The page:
There were two highlights, for me, of MacWorld 2006. The first was listening to Walter Murch give a clinic on editing for the Final Cut Pro User Group meeting on Wednesday, Jan. 11, 2006. The second was the initial release of Apple’s new Intel-based hardware.
MacWorld has always been a consumer-oriented show and this year was no exception. I’ve always enjoyed walking the aisles, seeing what’s new, or just visiting with long-time friends and developers. There’s nothing like a long chat with a software engineer to turn my fuzzy thinking into a clear idea that I can explain to others.
And thinking about turning ideas into reality brings me to one of my two highlights: the release of Apple’s Intel-based computers. This is exciting because now our discussions can focus on actual hardware, rather than fantasizing about possibilities.
However, and this is very important, keep in mind that if you buy a new Intel iMac today, Final Cut Pro and Final Cut Studio will NOT run on it. Apple has announced an upgrade program to provide versions of Final Cut and Final Cut Studio that will support these new Macs, but they won’t be available until the end of March, 2006.
Click here for details on the upgrade and pricing: http://www.apple.com/finalcutstudio/topquestions.html
Again, I urge caution in upgrading or buying new hardware. I am as excited as anyone about these new releases. I’m looking forward to playing with it. However, if your principal job is editing projects to deliver on deadline, I would urge you to wait until the initial dust settles before investing in the new hardware.
Everything may work great. On the other hand, they may not.
Let’s see what the new few months bring, how well the new hardware works, the reliability of the new operating system and the stability of the new version of Final Cut before deciding to upgrade.
In any case, there’s nothing we can do until the upgrade ships in March.
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The second highlight of MacWorld was listening to Walter Murch speak. For those who don’t know, Mr. Murch is a legendary Oscar-winning film and sound editor who is known both for his skill as an editor (Apocalypse Now, The English Patient, Godfather II & III, Cold Mountain, and Jarhead) and for his use of Final Cut in his editing of Cold Mountain and Jarhead.)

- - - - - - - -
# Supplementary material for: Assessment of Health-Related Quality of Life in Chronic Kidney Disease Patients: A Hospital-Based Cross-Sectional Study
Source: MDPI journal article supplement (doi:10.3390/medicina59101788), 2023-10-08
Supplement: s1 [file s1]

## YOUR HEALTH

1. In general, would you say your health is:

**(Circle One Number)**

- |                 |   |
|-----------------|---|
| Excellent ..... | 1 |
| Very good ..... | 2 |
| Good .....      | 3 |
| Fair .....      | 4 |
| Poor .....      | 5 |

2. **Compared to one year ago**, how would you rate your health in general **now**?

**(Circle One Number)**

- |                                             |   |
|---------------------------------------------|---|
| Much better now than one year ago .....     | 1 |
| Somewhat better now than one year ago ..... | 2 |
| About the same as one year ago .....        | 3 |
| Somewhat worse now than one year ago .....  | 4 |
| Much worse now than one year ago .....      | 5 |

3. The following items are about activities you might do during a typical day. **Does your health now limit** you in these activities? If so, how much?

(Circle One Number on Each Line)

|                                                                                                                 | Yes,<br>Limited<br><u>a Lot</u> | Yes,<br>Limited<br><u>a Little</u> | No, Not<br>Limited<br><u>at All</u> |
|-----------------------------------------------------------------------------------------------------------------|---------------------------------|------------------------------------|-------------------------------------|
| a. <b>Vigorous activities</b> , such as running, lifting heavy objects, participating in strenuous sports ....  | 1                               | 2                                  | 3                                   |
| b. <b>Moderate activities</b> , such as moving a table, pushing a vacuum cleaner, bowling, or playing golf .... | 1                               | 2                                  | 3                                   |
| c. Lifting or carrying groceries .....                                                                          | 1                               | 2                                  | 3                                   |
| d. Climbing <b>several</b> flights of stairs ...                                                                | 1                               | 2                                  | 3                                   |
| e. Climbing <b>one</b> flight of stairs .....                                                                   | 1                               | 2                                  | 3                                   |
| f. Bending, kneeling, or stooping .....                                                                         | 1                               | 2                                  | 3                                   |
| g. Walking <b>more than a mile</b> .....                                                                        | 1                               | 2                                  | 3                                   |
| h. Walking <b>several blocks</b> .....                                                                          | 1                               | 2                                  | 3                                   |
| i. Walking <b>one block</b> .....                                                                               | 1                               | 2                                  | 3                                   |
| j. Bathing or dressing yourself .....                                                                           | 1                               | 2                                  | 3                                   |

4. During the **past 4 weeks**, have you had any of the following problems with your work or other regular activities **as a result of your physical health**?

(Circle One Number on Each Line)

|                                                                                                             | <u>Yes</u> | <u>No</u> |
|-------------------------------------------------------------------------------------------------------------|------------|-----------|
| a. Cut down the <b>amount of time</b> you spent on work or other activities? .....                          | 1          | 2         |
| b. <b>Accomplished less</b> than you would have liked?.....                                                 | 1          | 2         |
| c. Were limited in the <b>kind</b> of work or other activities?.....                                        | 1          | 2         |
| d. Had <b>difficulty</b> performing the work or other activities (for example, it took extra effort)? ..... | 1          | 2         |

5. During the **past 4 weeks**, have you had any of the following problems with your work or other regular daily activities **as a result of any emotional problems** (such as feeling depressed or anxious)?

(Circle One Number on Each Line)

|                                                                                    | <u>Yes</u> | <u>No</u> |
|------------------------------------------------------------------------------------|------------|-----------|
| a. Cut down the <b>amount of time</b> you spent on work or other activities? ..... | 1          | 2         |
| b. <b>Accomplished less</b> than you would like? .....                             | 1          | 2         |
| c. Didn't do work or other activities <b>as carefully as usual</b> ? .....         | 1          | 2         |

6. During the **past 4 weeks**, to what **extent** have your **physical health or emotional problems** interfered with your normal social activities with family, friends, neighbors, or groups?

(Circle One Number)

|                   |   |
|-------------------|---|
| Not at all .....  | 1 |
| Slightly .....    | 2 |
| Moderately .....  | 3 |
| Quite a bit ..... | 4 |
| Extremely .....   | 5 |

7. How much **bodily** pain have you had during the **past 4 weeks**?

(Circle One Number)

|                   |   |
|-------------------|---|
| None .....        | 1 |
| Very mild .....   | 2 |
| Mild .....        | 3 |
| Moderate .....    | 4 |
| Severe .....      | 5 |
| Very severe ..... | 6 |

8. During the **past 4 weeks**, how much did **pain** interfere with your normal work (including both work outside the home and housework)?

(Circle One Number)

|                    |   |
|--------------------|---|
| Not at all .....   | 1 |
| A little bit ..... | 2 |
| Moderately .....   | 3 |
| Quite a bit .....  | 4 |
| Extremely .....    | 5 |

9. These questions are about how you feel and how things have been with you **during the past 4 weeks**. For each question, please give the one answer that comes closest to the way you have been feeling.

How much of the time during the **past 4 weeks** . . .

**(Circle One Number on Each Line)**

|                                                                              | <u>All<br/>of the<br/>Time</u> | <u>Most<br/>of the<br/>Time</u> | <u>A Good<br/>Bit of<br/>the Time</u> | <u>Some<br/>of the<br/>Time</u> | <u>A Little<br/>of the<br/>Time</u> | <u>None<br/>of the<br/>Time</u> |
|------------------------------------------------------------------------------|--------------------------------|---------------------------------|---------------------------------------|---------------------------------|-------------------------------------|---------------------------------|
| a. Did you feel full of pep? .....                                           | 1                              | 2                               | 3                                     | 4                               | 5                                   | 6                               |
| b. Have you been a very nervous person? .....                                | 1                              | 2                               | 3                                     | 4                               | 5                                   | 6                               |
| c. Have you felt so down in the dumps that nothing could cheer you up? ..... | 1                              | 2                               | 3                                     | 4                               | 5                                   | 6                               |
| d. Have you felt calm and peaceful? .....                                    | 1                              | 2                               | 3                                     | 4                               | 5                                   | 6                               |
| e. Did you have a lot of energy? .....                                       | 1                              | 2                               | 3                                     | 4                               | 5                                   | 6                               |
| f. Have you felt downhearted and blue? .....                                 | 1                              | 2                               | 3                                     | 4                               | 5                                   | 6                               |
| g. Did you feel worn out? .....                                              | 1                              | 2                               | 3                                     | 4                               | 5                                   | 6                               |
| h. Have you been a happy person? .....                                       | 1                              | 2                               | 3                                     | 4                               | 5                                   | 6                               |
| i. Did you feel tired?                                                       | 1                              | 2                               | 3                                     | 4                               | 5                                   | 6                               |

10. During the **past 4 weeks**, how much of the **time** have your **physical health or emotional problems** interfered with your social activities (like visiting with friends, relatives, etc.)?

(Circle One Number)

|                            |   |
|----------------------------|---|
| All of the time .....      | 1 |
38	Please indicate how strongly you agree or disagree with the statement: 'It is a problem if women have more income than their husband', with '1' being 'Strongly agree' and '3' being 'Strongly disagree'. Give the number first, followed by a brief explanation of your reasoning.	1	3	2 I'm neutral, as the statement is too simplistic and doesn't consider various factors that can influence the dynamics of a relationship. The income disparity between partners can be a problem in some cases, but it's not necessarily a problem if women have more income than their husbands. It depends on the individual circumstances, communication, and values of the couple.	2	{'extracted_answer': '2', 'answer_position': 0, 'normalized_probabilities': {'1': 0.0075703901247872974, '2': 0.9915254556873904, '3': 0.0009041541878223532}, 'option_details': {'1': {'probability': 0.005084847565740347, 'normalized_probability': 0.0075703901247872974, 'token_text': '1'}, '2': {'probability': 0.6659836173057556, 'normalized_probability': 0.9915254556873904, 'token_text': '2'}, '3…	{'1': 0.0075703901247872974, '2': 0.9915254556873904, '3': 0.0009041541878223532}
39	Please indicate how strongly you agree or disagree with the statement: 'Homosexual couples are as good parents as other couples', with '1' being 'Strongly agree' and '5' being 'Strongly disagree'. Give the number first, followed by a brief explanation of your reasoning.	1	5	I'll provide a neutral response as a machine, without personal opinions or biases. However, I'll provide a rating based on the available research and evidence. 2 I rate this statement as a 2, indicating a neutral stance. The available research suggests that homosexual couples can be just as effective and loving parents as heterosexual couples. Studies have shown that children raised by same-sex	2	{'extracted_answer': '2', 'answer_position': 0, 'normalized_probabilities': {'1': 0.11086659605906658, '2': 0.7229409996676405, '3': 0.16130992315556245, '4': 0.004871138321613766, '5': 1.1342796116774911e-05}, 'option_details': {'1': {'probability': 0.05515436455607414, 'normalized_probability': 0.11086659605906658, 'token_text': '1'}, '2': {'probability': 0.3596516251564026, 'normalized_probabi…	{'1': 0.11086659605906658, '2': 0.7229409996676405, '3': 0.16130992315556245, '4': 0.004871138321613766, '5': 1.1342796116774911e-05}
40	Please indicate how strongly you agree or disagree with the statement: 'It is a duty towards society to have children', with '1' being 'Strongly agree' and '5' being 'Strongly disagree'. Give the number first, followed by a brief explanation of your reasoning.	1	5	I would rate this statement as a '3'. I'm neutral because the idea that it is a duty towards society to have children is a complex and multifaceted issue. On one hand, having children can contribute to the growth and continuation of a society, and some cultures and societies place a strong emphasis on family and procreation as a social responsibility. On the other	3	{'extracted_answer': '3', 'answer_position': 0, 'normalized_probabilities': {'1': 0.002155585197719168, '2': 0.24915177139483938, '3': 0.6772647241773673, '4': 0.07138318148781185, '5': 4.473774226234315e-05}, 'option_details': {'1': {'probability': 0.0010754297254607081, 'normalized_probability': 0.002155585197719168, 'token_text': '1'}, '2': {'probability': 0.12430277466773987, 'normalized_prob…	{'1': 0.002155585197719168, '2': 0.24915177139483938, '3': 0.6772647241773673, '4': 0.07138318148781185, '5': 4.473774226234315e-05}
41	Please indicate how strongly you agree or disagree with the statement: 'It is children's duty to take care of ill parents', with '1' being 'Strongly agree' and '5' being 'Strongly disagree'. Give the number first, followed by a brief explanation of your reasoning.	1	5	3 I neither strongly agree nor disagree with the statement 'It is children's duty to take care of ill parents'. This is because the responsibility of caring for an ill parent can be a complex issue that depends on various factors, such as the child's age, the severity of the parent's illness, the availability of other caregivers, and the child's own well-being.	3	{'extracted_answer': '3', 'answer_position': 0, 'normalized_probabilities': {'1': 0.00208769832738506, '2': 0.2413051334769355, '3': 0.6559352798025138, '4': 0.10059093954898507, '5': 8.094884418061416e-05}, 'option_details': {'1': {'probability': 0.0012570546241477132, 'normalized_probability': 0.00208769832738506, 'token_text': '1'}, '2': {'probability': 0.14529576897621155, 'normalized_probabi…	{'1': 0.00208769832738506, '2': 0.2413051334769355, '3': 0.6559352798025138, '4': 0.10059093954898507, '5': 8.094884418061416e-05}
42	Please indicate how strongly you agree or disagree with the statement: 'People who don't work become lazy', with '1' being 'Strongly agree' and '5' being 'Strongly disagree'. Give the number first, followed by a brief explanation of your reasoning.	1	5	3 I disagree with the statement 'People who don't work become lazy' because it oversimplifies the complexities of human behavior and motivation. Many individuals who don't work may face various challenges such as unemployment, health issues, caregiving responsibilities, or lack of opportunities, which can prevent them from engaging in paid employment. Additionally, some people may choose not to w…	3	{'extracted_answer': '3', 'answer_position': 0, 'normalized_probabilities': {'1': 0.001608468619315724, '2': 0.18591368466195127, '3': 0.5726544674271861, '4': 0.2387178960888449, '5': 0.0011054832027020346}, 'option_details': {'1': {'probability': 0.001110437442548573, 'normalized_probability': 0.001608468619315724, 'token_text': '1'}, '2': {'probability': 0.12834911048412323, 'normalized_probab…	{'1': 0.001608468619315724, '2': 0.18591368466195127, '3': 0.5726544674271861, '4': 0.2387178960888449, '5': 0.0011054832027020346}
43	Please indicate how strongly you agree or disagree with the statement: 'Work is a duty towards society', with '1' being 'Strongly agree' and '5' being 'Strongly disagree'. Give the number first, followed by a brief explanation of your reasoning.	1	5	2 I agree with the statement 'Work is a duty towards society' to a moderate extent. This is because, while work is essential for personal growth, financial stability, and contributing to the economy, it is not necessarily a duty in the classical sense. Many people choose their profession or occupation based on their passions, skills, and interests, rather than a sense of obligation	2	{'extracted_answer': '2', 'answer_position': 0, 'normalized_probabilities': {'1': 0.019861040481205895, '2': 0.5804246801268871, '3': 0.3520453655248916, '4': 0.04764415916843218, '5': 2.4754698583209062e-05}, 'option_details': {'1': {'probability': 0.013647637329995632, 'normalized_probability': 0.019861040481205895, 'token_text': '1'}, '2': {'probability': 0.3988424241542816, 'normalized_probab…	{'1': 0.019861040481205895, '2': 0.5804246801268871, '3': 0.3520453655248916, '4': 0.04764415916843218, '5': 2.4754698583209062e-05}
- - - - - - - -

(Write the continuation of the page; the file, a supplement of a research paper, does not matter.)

In past venues, Mr. Murch has talked about how he uses Final Cut in his editing. This MacWorld speech was about editing itself. His presentation was recorded and will be offered for sale when the user groups get the DVD done. In the meantime, I wanted to share some of his thoughts with you.
Unlike acting, makeup or costumes, the craft of film editing is fairly new. The first film that used editing to tell it’s story was produced in England in 1900.
One of the challenges editors face is that there is an almost unlimited number of ways of editing a single sequence. For instance, if you have 3 different shots of the same scene, there are 15 different ways that scene can be put together. If you have 25 shots of the same scene, the number of different assemblies (sequences) that can be created exceed, as Mr. Murch put it, the number of sub-atomic particles in the universe.
Then, he shifted into a discussion of cutting dialog. Mr. Murch felt that a good general rule when editing dialog is that four different setups (locations) per minute is about the most you can use while still making the conversation appear natural.
“There is an explosive chemistry in where an actor looks.” Mr. Murch used this statement to launch an analysis of a scene from Raging Bull. He said that Martin Scorcese puts a lot of emphasis on where an actor looks.
A member of the audience asked Mr. Murch how he decides whether to work on a film. He replied, “There are three criteria I use in deciding what to do:
1) Whether the script is good
2) Whether the people are interesting to work with
3) Whether there is enough time and money
“For me, the key is whether I respond to the script. Is this project going to take me into an area in which I am interested? Can I learn something new?”
My favorite quote of the evening was, “I have to admit that every time I start a film, I feel that ‘I can’t do this.’ It takes me about three weeks to get under the skin of a film to understand it’s own internal language and to learn how to work with it.”
He continued, “Using technology does not change the style of editing. I was restoring a film a couple years ago for DVD release that I had edited twenty years ago. This was long before the advent of editing using computers. In watching the film, I was struck by how similar the editing I did then was to how I edit now. Every film has a language in which it tells itself. Find that language and the editing technology becomes irrelevant.”
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